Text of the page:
PerspectivesSherry Magill Jacksonville Today Contributor
Downtown Jacksonville | Jessica Palombo, Jacksonville Today

OPINION | An alternative vision for historic Downtown Jacksonville

Published on June 27, 2024 at 7:00 pm
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Last week, a group of engaged citizens presented Mayor Donna Deegan’s Chief of Staff with our two-page alternative vision for developing historic Downtown Jacksonville, from the St. James Building to the St. Johns River along Laura Street.1

The Deegan team, together with the City Council’s Special Committee on the Future of Downtown would do well to listen to this group, especially as the special committee members convince themselves that the present condition of our historic Downtown — our all-too-painful lagging other cities in revitalizing our urban core — results from too little autonomy for Downtown Investment Authority and too few financial incentives for private developers. Don’t you know, that’s the path down which the special committee’s inquiry is taking them.

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The alternative

Our path to a more welcoming, vibrant, and distinctive historic Downtown Jacksonville offers an alternative vision to the city’s prevailing wisdom, guided by three principles:

  • Focus on the historic core versus the perimeter
  • Capitalize on historic building restoration and not new towers
  • Lead with parks and public spaces and not commercial development

Specific recommendations

We call for funding and implementing actions that connect the St. James Building to the St. Johns River along Laura Street. Home to “our most valuable historic buildings,” this corridor provides us with “our greatest opportunity for commercial revitalization and economic growth.”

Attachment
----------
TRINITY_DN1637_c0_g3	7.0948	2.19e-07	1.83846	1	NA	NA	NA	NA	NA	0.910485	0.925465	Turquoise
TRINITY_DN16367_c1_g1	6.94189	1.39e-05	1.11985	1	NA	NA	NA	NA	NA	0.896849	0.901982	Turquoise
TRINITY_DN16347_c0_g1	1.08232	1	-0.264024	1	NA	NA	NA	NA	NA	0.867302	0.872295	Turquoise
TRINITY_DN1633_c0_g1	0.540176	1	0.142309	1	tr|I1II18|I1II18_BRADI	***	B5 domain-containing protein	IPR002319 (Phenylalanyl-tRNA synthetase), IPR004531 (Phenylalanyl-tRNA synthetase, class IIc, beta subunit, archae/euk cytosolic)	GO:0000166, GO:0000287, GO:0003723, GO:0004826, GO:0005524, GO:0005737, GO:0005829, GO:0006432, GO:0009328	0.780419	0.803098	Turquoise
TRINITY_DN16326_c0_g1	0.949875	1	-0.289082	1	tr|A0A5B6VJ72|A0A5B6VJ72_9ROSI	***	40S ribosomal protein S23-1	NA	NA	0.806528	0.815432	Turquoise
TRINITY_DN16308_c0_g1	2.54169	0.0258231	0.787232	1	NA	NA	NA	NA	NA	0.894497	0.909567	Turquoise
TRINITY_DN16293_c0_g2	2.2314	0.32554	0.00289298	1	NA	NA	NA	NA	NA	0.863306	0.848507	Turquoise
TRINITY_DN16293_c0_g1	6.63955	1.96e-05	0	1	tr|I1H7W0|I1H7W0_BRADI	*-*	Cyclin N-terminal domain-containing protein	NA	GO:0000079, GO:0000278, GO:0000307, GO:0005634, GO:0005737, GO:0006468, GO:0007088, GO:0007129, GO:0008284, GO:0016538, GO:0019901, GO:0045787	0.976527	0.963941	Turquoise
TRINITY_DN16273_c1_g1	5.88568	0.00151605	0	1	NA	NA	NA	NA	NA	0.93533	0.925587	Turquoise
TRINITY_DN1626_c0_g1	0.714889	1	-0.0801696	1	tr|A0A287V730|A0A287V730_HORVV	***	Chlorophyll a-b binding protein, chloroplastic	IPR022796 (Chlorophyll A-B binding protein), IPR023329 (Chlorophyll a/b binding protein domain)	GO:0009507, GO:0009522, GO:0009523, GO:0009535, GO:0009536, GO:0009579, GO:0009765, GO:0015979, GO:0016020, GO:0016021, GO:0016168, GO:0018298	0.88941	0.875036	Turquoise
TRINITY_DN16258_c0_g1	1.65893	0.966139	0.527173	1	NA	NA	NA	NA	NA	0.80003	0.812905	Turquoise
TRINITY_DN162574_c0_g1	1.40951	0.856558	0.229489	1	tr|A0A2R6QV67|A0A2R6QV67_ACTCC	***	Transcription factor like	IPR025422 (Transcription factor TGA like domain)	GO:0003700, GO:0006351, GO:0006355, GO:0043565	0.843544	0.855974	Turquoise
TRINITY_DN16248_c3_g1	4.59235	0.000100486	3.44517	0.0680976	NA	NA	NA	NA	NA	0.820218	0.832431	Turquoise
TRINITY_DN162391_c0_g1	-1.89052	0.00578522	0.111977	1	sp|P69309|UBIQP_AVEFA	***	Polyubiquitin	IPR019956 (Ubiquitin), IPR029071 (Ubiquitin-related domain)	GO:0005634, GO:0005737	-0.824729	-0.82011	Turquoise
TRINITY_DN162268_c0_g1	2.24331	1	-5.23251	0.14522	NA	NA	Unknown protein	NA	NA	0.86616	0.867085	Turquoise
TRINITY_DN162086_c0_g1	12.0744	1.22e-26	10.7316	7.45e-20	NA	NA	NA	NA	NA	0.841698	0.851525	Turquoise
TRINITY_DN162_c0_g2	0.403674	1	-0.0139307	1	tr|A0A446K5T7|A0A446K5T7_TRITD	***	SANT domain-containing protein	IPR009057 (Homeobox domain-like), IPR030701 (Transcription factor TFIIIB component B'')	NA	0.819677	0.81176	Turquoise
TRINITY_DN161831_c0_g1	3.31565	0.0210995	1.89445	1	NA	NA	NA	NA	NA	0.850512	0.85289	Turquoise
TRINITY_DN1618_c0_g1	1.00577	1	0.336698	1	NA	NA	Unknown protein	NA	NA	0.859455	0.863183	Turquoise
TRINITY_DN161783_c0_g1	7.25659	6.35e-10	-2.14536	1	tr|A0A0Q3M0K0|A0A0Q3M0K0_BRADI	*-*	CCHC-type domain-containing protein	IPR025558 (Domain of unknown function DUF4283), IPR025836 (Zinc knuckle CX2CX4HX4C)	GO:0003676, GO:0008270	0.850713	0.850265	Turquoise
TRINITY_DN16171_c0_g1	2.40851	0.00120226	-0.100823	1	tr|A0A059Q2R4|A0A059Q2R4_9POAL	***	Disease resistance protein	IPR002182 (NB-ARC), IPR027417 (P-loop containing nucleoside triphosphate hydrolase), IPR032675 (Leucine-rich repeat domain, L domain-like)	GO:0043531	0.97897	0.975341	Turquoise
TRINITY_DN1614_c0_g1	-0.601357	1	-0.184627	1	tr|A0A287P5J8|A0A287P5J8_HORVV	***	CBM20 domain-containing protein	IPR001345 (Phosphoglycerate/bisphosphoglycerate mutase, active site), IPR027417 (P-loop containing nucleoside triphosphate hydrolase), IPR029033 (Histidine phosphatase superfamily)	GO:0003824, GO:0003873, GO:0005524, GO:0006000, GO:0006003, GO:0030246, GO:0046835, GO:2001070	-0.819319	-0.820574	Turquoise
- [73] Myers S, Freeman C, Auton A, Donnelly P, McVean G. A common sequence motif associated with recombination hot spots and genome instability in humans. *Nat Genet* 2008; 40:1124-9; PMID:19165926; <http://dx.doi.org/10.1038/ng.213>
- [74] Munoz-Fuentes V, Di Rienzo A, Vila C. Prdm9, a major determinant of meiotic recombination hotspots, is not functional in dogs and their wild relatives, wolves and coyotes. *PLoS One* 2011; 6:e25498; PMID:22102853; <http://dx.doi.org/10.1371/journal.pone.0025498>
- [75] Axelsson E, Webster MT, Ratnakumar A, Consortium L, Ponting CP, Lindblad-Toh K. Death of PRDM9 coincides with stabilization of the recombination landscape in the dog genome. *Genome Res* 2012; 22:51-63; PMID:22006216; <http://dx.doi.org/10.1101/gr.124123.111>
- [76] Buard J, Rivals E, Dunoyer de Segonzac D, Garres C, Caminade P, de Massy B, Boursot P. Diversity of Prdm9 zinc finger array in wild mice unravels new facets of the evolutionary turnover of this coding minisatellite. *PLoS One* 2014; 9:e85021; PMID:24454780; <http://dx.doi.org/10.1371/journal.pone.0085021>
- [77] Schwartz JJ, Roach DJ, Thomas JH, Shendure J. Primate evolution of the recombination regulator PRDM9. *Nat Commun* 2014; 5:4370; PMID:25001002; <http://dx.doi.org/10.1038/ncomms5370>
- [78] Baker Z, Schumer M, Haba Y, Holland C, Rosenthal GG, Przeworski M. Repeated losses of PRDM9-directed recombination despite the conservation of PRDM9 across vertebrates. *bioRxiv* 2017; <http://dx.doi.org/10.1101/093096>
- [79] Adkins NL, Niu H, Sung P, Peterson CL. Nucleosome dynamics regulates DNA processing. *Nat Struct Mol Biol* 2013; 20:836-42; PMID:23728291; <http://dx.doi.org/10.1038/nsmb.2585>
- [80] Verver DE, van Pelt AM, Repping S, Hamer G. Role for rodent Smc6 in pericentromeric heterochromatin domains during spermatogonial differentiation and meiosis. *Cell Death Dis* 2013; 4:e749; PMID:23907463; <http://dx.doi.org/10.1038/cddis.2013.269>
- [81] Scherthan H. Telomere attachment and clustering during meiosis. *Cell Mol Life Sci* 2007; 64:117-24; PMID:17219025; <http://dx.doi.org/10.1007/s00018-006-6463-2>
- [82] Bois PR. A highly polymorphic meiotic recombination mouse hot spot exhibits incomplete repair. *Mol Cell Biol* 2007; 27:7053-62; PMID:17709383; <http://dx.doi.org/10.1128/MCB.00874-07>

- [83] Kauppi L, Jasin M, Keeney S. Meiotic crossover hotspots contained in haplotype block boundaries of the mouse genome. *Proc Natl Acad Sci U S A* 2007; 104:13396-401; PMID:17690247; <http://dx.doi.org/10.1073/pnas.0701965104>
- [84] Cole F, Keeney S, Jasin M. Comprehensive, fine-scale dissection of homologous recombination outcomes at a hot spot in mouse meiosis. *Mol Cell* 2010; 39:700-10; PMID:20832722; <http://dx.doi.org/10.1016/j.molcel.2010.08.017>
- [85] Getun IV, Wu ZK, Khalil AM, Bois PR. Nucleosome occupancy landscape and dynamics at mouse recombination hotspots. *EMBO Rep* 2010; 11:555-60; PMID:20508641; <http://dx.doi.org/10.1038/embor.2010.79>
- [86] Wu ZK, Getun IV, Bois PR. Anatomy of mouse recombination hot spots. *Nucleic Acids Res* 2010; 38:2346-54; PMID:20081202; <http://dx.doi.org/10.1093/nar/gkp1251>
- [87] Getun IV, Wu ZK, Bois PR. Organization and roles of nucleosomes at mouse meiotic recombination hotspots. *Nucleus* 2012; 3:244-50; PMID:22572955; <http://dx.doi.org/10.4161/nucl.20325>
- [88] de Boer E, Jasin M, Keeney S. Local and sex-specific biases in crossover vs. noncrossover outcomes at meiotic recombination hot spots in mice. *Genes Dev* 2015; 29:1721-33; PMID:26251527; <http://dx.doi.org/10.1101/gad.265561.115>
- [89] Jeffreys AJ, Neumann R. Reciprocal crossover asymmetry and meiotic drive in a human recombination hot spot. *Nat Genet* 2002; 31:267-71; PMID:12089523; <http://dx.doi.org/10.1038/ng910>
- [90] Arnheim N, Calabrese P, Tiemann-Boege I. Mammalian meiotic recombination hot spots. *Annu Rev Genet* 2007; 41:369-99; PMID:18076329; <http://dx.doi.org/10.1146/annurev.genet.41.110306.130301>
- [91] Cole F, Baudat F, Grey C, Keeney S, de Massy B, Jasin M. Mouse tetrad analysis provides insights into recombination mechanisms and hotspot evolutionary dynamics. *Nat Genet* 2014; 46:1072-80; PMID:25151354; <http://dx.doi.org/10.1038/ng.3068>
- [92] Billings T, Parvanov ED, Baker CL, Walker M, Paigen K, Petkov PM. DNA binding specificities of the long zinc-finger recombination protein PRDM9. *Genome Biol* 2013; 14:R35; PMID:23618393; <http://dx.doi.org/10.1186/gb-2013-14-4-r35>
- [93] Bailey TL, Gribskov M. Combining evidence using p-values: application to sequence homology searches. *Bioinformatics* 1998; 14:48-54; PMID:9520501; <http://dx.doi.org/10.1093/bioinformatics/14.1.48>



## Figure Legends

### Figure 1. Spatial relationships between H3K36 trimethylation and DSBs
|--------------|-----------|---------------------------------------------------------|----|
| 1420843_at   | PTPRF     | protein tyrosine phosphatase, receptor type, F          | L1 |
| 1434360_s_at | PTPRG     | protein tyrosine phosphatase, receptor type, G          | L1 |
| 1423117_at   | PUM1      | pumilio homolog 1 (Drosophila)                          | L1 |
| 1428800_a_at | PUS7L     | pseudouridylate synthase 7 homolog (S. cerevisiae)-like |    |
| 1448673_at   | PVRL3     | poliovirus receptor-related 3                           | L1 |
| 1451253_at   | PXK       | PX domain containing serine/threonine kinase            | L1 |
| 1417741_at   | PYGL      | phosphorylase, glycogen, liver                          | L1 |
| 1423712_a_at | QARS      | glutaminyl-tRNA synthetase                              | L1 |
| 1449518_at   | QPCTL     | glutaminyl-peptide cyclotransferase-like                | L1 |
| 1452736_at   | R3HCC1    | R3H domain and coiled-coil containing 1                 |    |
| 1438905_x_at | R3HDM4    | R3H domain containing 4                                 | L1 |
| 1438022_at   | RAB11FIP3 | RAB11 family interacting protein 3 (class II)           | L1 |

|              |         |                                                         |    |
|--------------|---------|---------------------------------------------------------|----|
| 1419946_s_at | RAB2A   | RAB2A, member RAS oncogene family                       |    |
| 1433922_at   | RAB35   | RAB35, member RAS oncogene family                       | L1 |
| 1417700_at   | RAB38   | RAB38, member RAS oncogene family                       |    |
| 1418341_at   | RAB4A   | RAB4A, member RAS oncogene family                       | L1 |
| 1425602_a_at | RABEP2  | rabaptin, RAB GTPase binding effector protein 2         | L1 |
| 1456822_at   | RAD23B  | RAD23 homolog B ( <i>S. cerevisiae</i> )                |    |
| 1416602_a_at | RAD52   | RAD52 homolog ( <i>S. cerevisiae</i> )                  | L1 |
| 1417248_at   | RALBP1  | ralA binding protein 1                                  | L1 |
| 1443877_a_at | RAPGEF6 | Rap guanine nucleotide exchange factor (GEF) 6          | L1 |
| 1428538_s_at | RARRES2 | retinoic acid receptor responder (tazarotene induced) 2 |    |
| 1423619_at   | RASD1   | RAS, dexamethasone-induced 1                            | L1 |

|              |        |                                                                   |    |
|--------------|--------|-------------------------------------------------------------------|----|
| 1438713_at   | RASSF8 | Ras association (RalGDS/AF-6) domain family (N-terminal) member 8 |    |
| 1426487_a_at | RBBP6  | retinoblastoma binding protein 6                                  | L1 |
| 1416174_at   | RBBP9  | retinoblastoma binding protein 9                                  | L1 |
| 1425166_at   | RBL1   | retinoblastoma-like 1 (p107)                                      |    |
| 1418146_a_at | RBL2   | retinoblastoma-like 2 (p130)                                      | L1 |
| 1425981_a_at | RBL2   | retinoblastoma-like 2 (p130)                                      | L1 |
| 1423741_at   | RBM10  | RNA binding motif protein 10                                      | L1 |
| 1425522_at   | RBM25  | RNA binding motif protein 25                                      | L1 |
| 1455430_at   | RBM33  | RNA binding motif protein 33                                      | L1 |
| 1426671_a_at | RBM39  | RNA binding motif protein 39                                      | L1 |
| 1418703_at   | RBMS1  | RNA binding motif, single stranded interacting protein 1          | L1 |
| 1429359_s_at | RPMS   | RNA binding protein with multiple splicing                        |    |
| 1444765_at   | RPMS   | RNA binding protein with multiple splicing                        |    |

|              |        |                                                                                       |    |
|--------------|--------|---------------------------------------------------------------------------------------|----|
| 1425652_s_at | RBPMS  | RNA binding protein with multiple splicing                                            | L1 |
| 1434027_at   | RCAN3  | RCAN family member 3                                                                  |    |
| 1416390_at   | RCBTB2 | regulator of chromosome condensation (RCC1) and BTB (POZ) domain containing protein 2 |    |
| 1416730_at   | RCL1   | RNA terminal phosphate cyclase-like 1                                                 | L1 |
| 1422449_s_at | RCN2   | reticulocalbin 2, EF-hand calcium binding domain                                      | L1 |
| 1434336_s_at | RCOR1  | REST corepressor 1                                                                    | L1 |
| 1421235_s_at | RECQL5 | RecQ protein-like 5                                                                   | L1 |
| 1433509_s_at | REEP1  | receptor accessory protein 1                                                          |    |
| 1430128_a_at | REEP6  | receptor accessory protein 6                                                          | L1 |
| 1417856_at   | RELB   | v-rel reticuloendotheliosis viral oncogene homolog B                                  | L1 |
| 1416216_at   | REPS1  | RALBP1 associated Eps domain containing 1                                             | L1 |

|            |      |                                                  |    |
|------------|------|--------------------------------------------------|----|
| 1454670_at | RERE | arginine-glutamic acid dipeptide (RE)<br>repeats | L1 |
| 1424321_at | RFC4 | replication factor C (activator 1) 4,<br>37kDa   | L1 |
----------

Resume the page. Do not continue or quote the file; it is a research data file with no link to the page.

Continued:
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Just imagine. An iconic path from the St. James Building to the St. Johns River. A pedestrian and shade-tree friendly historic promenade, the very location of Jacksonville’s renaissance, anchored on both ends by public parks — James Weldon Johnson Park and a Riverfront Park for All — with unobstructed views of our life-giving and life-sustaining St. Johns River, and along which architecturally significant historic buildings, residential properties, restaurants, banks, shops, stores and cultural institutions thrive.

The path less traveled

Well-researched, and steeped in the experience of cities having successfully restored and repurposed their historic urban core, these three principles and specific recommendations lie in stark contrast to the path Jacksonville continues to pursue, one whose goals are superficial, as if privatizing public land along the St. Johns River and increasing the number of people living in riverfront high rises is unique, distinctive, or what people respectful of Mother Nature would do.